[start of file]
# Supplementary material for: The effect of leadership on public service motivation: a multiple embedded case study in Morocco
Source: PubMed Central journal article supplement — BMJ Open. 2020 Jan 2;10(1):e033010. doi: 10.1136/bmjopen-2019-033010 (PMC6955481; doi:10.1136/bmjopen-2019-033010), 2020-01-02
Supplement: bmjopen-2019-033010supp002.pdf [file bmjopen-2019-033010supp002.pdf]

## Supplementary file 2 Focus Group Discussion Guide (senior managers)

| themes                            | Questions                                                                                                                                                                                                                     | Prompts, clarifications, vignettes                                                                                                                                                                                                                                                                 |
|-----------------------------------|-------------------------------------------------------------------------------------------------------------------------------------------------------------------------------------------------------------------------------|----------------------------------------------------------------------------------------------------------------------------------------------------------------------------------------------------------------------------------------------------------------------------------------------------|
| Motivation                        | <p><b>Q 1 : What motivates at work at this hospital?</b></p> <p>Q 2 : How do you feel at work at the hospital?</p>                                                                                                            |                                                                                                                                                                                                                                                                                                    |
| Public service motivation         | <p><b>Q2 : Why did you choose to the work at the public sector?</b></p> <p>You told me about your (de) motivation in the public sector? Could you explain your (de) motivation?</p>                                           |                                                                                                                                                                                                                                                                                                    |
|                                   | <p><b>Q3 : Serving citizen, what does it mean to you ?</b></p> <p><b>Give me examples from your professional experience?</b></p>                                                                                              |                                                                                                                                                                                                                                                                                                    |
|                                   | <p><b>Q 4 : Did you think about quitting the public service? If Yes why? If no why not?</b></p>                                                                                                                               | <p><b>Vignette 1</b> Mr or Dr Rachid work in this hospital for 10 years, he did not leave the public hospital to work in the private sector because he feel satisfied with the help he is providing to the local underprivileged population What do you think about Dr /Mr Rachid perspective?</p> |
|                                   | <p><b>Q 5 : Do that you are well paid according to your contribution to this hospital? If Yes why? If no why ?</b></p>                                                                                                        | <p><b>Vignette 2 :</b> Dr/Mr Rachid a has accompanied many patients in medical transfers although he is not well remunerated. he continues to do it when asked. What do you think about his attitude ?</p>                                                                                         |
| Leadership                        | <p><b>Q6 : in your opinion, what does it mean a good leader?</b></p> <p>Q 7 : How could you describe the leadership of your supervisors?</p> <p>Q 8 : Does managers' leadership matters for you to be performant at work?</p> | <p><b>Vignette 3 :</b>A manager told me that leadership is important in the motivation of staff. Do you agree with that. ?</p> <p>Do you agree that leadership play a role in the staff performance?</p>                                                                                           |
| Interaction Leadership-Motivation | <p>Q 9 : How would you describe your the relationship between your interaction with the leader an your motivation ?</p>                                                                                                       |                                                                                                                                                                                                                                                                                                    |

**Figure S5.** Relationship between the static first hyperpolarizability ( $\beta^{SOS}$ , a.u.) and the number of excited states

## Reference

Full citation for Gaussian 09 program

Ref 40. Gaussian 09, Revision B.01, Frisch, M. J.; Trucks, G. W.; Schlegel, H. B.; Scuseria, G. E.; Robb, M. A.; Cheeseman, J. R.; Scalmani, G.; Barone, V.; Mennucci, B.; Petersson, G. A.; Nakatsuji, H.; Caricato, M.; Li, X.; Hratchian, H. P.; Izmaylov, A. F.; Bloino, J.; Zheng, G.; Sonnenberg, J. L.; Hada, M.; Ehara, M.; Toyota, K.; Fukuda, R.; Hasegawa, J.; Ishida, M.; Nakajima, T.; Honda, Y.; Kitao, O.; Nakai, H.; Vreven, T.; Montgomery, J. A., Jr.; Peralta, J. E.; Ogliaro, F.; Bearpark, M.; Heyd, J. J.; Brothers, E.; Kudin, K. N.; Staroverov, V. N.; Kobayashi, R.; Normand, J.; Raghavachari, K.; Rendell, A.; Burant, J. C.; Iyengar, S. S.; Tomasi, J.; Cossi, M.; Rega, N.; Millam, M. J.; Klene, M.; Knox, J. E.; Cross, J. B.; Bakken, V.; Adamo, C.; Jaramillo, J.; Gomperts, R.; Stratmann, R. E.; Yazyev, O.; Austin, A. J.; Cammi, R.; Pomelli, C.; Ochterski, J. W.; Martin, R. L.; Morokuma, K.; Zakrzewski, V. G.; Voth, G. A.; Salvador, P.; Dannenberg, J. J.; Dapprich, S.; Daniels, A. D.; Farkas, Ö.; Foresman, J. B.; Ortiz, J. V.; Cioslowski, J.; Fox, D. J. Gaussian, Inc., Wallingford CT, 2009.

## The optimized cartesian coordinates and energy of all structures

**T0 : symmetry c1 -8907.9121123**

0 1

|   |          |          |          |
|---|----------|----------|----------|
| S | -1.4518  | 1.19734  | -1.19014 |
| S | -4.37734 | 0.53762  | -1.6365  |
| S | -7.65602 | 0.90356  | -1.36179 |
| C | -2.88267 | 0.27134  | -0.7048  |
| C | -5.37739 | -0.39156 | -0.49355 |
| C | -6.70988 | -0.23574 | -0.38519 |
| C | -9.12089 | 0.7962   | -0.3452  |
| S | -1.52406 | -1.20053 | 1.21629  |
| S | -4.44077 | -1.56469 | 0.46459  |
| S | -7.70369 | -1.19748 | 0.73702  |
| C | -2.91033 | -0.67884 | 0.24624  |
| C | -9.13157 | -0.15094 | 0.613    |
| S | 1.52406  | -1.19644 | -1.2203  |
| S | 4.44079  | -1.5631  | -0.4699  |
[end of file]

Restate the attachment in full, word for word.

# Supplementary material for: The effect of leadership on public service motivation: a multiple embedded case study in Morocco
Source: PubMed Central journal article supplement — BMJ Open. 2020 Jan 2;10(1):e033010. doi: 10.1136/bmjopen-2019-033010 (PMC6955481; doi:10.1136/bmjopen-2019-033010), 2020-01-02
Supplement: bmjopen-2019-033010supp002.pdf [file bmjopen-2019-033010supp002.pdf]

## Supplementary file 2 Focus Group Discussion Guide (senior managers)

| themes                            | Questions                                                                                                                                                                                                                     | Prompts, clarifications, vignettes                                                                                                                                                                                                                                                                 |
|-----------------------------------|-------------------------------------------------------------------------------------------------------------------------------------------------------------------------------------------------------------------------------|----------------------------------------------------------------------------------------------------------------------------------------------------------------------------------------------------------------------------------------------------------------------------------------------------|
| Motivation                        | <p><b>Q 1 : What motivates at work at this hospital?</b></p> <p>Q 2 : How do you feel at work at the hospital?</p>                                                                                                            |                                                                                                                                                                                                                                                                                                    |
| Public service motivation         | <p><b>Q2 : Why did you choose to the work at the public sector?</b></p> <p>You told me about your (de) motivation in the public sector? Could you explain your (de) motivation?</p>                                           |                                                                                                                                                                                                                                                                                                    |
|                                   | <p><b>Q3 : Serving citizen, what does it mean to you ?</b></p> <p><b>Give me examples from your professional experience?</b></p>                                                                                              |                                                                                                                                                                                                                                                                                                    |
|                                   | <p><b>Q 4 : Did you think about quitting the public service? If Yes why? If no why not?</b></p>                                                                                                                               | <p><b>Vignette 1</b> Mr or Dr Rachid work in this hospital for 10 years, he did not leave the public hospital to work in the private sector because he feel satisfied with the help he is providing to the local underprivileged population What do you think about Dr /Mr Rachid perspective?</p> |
|                                   | <p><b>Q 5 : Do that you are well paid according to your contribution to this hospital? If Yes why? If no why ?</b></p>                                                                                                        | <p><b>Vignette 2 :</b> Dr/Mr Rachid a has accompanied many patients in medical transfers although he is not well remunerated. he continues to do it when asked. What do you think about his attitude ?</p>                                                                                         |
| Leadership                        | <p><b>Q6 : in your opinion, what does it mean a good leader?</b></p> <p>Q 7 : How could you describe the leadership of your supervisors?</p> <p>Q 8 : Does managers' leadership matters for you to be performant at work?</p> | <p><b>Vignette 3 :</b>A manager told me that leadership is important in the motivation of staff. Do you agree with that. ?</p> <p>Do you agree that leadership play a role in the staff performance?</p>                                                                                           |
| Interaction Leadership-Motivation | <p>Q 9 : How would you describe your the relationship between your interaction with the leader an your motivation ?</p>                                                                                                       |                                                                                                                                                                                                                                                                                                    |

**Figure S5.** Relationship between the static first hyperpolarizability ( $\beta^{SOS}$ , a.u.) and the number of excited states

## Reference

Full citation for Gaussian 09 program

Ref 40. Gaussian 09, Revision B.01, Frisch, M. J.; Trucks, G. W.; Schlegel, H. B.; Scuseria, G. E.; Robb, M. A.; Cheeseman, J. R.; Scalmani, G.; Barone, V.; Mennucci, B.; Petersson, G. A.; Nakatsuji, H.; Caricato, M.; Li, X.; Hratchian, H. P.; Izmaylov, A. F.; Bloino, J.; Zheng, G.; Sonnenberg, J. L.; Hada, M.; Ehara, M.; Toyota, K.; Fukuda, R.; Hasegawa, J.; Ishida, M.; Nakajima, T.; Honda, Y.; Kitao, O.; Nakai, H.; Vreven, T.; Montgomery, J. A., Jr.; Peralta, J. E.; Ogliaro, F.; Bearpark, M.; Heyd, J. J.; Brothers, E.; Kudin, K. N.; Staroverov, V. N.; Kobayashi, R.; Normand, J.; Raghavachari, K.; Rendell, A.; Burant, J. C.; Iyengar, S. S.; Tomasi, J.; Cossi, M.; Rega, N.; Millam, M. J.; Klene, M.; Knox, J. E.; Cross, J. B.; Bakken, V.; Adamo, C.; Jaramillo, J.; Gomperts, R.; Stratmann, R. E.; Yazyev, O.; Austin, A. J.; Cammi, R.; Pomelli, C.; Ochterski, J. W.; Martin, R. L.; Morokuma, K.; Zakrzewski, V. G.; Voth, G. A.; Salvador, P.; Dannenberg, J. J.; Dapprich, S.; Daniels, A. D.; Farkas, Ö.; Foresman, J. B.; Ortiz, J. V.; Cioslowski, J.; Fox, D. J. Gaussian, Inc., Wallingford CT, 2009.

## The optimized cartesian coordinates and energy of all structures

**T0 : symmetry c1 -8907.9121123**

0 1

|   |          |          |          |
|---|----------|----------|----------|
| S | -1.4518  | 1.19734  | -1.19014 |
| S | -4.37734 | 0.53762  | -1.6365  |
| S | -7.65602 | 0.90356  | -1.36179 |
| C | -2.88267 | 0.27134  | -0.7048  |
| C | -5.37739 | -0.39156 | -0.49355 |
| C | -6.70988 | -0.23574 | -0.38519 |
| C | -9.12089 | 0.7962   | -0.3452  |
| S | -1.52406 | -1.20053 | 1.21629  |
| S | -4.44077 | -1.56469 | 0.46459  |
| S | -7.70369 | -1.19748 | 0.73702  |
| C | -2.91033 | -0.67884 | 0.24624  |
| C | -9.13157 | -0.15094 | 0.613    |
| S | 1.52406  | -1.19644 | -1.2203  |
| S | 4.44079  | -1.5631  | -0.4699  |